This is a highly original film based on an intriguing premise. Guy Pearce plays Leonard Shelby, a man on a mission to avenge the rape and murder of his wife. However he is also suffering from a memory disorder which means that he is not capable of making new memories. He remembers everything up until "the incident" and nothing thereafter. Consequently he can be manipulated easily and must know who to trust.

Have you seen this before?

In order to survive, and further, to hunt down the person who attacked his wife Lenny uses a system of written notes (only trusting those in his own handwriting) and polaroid photographs to remind him what he is doing, where he is staying and who to trust. In addition to these reminders he has clues and information tattooed all over his body.

One of the most interesting features of this film is the fact that the whole thing has been filmed scene by scene and then the scenes have been run in reverse order, so chronologically the film runs backwards. This is tremendously done and manages not only to avoid becoming muddled or disjointed but in fact to flow towards a satisfying conclusion. It sounds complicated but works very well and the story always feels as though it is progressing or moving forward.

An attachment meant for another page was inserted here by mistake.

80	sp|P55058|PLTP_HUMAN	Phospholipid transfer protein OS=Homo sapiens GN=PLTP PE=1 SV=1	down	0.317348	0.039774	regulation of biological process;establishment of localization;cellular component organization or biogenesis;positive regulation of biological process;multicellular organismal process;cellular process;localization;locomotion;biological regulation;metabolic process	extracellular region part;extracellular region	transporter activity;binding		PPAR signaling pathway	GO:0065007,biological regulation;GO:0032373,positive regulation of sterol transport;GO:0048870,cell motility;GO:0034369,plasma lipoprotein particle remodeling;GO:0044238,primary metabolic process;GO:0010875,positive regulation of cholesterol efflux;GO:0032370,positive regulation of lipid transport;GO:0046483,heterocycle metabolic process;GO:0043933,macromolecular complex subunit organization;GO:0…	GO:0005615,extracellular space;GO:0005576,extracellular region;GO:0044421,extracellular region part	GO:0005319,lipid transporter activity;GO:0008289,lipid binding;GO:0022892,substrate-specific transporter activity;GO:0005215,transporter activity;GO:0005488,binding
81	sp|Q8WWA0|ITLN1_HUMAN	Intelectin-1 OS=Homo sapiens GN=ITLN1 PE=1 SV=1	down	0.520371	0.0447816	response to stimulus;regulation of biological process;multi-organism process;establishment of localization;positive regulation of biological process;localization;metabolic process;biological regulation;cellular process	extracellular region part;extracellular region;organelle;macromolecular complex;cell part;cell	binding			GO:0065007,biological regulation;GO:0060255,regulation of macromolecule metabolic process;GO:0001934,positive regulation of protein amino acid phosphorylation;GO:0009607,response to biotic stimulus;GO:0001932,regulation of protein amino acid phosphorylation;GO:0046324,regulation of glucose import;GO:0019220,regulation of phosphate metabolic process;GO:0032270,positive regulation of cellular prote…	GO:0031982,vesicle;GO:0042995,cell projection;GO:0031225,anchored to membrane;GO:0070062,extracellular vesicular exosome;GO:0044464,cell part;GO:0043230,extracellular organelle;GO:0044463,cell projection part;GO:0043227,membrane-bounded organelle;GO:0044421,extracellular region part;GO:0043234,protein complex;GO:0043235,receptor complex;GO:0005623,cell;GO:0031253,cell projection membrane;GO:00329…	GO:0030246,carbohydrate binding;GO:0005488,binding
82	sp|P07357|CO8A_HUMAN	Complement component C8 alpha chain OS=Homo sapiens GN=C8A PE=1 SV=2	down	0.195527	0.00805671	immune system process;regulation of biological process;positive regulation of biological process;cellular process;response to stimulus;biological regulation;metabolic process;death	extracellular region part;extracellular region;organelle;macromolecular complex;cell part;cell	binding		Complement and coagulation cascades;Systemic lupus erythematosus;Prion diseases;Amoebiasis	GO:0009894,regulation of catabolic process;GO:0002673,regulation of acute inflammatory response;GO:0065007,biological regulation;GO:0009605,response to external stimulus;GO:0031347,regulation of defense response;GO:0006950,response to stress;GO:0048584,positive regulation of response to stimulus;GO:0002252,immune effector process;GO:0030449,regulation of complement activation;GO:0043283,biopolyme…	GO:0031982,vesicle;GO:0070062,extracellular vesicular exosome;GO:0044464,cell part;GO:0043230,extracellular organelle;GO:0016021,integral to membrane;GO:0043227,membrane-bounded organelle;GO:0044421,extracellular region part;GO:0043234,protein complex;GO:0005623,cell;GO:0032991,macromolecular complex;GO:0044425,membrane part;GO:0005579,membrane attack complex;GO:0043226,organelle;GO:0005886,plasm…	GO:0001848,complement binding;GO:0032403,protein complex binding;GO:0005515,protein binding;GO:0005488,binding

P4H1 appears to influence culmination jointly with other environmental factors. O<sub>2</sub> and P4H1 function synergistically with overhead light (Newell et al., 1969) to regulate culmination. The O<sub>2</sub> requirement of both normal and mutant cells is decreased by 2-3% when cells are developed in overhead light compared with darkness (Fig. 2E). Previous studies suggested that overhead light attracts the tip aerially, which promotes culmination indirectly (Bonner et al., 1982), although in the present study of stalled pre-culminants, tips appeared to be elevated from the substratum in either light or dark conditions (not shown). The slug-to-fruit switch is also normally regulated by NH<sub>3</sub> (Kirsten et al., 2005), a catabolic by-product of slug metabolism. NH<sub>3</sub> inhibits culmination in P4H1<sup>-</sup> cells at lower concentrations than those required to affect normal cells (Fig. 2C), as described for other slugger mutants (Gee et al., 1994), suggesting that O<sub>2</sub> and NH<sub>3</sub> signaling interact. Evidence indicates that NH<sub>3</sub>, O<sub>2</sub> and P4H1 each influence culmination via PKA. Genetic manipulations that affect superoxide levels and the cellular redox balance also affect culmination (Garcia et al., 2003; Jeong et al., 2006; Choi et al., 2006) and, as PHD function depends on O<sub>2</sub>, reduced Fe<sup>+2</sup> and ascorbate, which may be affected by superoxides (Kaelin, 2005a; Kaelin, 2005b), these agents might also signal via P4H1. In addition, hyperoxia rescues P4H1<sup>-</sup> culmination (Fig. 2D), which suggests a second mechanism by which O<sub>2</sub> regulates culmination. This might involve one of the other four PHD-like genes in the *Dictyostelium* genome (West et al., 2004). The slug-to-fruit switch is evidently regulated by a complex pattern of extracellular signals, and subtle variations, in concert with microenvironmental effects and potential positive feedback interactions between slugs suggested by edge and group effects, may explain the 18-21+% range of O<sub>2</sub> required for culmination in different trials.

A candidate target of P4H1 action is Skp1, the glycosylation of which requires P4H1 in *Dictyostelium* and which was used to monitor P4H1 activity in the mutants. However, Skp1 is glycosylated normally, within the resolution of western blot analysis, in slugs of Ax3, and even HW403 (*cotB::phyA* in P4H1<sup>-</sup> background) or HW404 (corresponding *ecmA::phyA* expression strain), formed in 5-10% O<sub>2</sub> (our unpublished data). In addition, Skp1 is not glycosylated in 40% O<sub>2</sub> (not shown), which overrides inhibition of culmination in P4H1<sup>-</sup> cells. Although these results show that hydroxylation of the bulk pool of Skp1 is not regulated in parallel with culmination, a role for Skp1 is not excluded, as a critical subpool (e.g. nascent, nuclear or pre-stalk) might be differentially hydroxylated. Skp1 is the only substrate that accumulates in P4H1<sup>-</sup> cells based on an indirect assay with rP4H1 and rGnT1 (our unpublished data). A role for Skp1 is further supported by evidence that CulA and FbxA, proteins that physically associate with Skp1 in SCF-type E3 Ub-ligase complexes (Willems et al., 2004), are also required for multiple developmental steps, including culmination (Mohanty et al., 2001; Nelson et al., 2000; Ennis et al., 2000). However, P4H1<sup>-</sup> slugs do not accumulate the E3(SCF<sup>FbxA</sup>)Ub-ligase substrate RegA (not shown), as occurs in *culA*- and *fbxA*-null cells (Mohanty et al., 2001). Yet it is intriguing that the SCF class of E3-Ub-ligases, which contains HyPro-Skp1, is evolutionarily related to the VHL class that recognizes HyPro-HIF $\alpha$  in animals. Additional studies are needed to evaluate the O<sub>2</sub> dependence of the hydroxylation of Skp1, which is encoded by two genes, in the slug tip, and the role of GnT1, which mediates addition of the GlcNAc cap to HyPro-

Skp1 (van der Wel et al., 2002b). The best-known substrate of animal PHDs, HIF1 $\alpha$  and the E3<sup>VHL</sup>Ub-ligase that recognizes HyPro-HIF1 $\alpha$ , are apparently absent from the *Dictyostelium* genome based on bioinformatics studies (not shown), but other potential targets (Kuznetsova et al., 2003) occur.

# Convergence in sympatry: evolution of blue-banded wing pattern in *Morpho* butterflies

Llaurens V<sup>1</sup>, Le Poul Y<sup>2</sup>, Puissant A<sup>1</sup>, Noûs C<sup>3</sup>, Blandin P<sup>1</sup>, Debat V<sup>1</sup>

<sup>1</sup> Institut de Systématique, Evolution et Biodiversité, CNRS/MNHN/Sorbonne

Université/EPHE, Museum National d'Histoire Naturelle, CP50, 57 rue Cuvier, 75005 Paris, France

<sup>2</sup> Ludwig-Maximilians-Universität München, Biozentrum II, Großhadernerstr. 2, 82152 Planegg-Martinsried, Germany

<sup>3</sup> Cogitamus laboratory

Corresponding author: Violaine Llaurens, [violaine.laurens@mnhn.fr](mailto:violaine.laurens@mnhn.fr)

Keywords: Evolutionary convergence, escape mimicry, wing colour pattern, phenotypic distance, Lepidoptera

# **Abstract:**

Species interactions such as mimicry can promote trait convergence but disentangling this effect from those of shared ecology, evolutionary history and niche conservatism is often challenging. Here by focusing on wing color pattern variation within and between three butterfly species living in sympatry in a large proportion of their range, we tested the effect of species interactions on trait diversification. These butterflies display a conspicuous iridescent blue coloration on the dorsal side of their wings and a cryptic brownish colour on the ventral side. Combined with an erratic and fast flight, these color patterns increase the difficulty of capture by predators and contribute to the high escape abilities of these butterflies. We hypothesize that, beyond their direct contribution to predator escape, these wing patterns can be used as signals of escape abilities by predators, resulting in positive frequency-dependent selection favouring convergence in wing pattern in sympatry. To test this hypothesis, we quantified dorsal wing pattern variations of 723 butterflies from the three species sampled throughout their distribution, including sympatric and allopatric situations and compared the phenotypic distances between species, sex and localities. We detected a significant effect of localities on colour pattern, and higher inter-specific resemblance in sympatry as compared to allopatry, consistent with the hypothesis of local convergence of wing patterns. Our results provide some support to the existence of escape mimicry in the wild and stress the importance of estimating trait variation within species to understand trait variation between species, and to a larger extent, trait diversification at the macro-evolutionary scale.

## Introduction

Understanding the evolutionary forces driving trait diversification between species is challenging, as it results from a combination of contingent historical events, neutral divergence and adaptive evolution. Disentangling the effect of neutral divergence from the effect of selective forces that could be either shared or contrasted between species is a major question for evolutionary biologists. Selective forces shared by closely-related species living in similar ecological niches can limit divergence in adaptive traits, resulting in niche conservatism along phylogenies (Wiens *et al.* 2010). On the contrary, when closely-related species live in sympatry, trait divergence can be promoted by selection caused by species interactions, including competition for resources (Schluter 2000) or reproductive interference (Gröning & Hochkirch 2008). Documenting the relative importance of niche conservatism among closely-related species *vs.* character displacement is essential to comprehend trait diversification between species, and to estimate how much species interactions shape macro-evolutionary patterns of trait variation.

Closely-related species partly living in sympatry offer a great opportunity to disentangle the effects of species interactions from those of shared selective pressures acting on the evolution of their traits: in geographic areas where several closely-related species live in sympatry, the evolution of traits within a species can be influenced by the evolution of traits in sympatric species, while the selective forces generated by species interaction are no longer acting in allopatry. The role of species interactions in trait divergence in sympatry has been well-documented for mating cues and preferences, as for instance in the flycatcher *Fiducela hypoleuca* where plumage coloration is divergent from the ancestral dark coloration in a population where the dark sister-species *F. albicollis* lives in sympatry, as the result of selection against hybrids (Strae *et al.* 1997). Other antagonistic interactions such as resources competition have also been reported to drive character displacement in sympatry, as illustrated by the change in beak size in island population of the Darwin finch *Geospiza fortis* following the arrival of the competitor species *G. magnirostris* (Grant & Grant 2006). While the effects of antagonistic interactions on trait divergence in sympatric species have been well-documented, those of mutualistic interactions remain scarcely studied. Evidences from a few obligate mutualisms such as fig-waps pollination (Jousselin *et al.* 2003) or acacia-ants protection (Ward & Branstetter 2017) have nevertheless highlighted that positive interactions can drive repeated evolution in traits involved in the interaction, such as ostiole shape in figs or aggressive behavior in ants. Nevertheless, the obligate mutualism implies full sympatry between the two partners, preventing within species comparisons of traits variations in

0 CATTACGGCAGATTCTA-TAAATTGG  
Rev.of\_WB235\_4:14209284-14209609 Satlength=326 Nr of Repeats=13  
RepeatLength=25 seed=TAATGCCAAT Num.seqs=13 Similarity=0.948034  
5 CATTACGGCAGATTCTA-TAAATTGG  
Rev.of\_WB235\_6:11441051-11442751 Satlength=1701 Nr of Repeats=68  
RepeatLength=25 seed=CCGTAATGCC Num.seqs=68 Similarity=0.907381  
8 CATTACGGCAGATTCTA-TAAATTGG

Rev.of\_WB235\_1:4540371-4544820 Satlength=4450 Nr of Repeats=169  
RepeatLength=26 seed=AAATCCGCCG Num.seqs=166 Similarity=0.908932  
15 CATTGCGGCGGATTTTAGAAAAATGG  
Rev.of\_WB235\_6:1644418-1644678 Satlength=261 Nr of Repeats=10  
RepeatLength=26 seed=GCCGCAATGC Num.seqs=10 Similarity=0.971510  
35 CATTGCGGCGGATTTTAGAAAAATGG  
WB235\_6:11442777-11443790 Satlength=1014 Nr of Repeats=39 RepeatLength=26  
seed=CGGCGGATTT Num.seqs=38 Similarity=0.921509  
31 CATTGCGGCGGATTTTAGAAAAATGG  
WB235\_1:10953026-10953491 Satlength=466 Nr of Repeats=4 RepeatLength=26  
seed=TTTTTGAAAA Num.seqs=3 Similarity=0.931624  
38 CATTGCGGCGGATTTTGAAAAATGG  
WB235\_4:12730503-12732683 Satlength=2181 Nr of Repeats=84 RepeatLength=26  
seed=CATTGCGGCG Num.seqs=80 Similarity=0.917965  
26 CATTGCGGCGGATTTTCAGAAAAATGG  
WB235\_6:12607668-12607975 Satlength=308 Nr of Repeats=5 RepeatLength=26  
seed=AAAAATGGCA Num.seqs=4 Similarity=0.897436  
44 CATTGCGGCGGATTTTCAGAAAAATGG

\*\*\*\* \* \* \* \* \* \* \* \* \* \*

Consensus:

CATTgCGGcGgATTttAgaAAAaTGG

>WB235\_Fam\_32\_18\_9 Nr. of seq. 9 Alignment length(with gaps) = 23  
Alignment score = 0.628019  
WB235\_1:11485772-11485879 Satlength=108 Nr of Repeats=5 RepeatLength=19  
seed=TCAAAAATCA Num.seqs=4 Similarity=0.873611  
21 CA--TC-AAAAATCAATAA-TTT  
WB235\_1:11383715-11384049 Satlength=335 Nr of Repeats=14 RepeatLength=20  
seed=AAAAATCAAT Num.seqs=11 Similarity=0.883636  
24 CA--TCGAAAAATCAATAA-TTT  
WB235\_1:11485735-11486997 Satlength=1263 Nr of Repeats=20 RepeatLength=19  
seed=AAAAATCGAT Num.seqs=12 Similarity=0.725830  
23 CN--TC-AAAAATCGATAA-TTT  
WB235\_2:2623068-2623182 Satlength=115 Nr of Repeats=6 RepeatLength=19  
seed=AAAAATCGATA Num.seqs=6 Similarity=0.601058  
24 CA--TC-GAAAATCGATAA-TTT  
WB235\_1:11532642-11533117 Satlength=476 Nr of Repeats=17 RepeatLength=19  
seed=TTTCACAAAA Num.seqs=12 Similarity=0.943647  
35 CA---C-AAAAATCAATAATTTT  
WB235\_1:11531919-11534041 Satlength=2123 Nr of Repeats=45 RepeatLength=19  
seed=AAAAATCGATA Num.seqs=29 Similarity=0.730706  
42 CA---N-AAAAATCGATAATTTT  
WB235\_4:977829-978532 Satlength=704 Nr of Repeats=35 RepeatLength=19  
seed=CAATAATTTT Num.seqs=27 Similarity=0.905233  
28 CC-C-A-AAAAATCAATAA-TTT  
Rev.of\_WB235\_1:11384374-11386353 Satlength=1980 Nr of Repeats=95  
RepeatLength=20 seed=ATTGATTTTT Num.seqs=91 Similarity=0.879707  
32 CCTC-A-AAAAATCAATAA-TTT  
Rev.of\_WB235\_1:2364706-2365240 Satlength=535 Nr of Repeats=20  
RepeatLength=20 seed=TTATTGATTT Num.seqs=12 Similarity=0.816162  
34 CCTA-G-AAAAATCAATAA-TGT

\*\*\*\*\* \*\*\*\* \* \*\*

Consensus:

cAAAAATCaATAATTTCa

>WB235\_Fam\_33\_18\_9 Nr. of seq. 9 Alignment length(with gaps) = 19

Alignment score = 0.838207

The direction is superb and demonstrates a high level of expertise and originality. Christopher Nolan has done a tremendous job as screenplay writer and director. He combines a variety of techniques in his filming which add alot of depth to the film. On top of the backwards chronology there are further flashbacks to before "the incident" which are cleverly set aside by filming them in black and white. There are also some clever shots at the end which I don´t want to ruin so pay attention and look out for them.

Carrie Anne Moss in Memento

The acting throughout is top quality, Pearce has established himself as an accomplished and skilled actor and merely adds to that reputation in this feature. Support is provided by Joe Pantoliano as Teddy and Carrie-Anne Moss as Natalie both of whom you may remember from the smash hit film The Matrix. The characters and attention to detail shown by both the actors and the director make this compelling viewing despite the total budget being relatively low at $5 million.

The film lasts around an hour and three-quarters but feels much shorter and should have no problem sustaining your interest. If you are looking for something a bit different or original I would urge you to give this a try. An intelligent, twisting thriller with a difference, this really is an enjoyable film to watch.

Reviewed by Simon Hill

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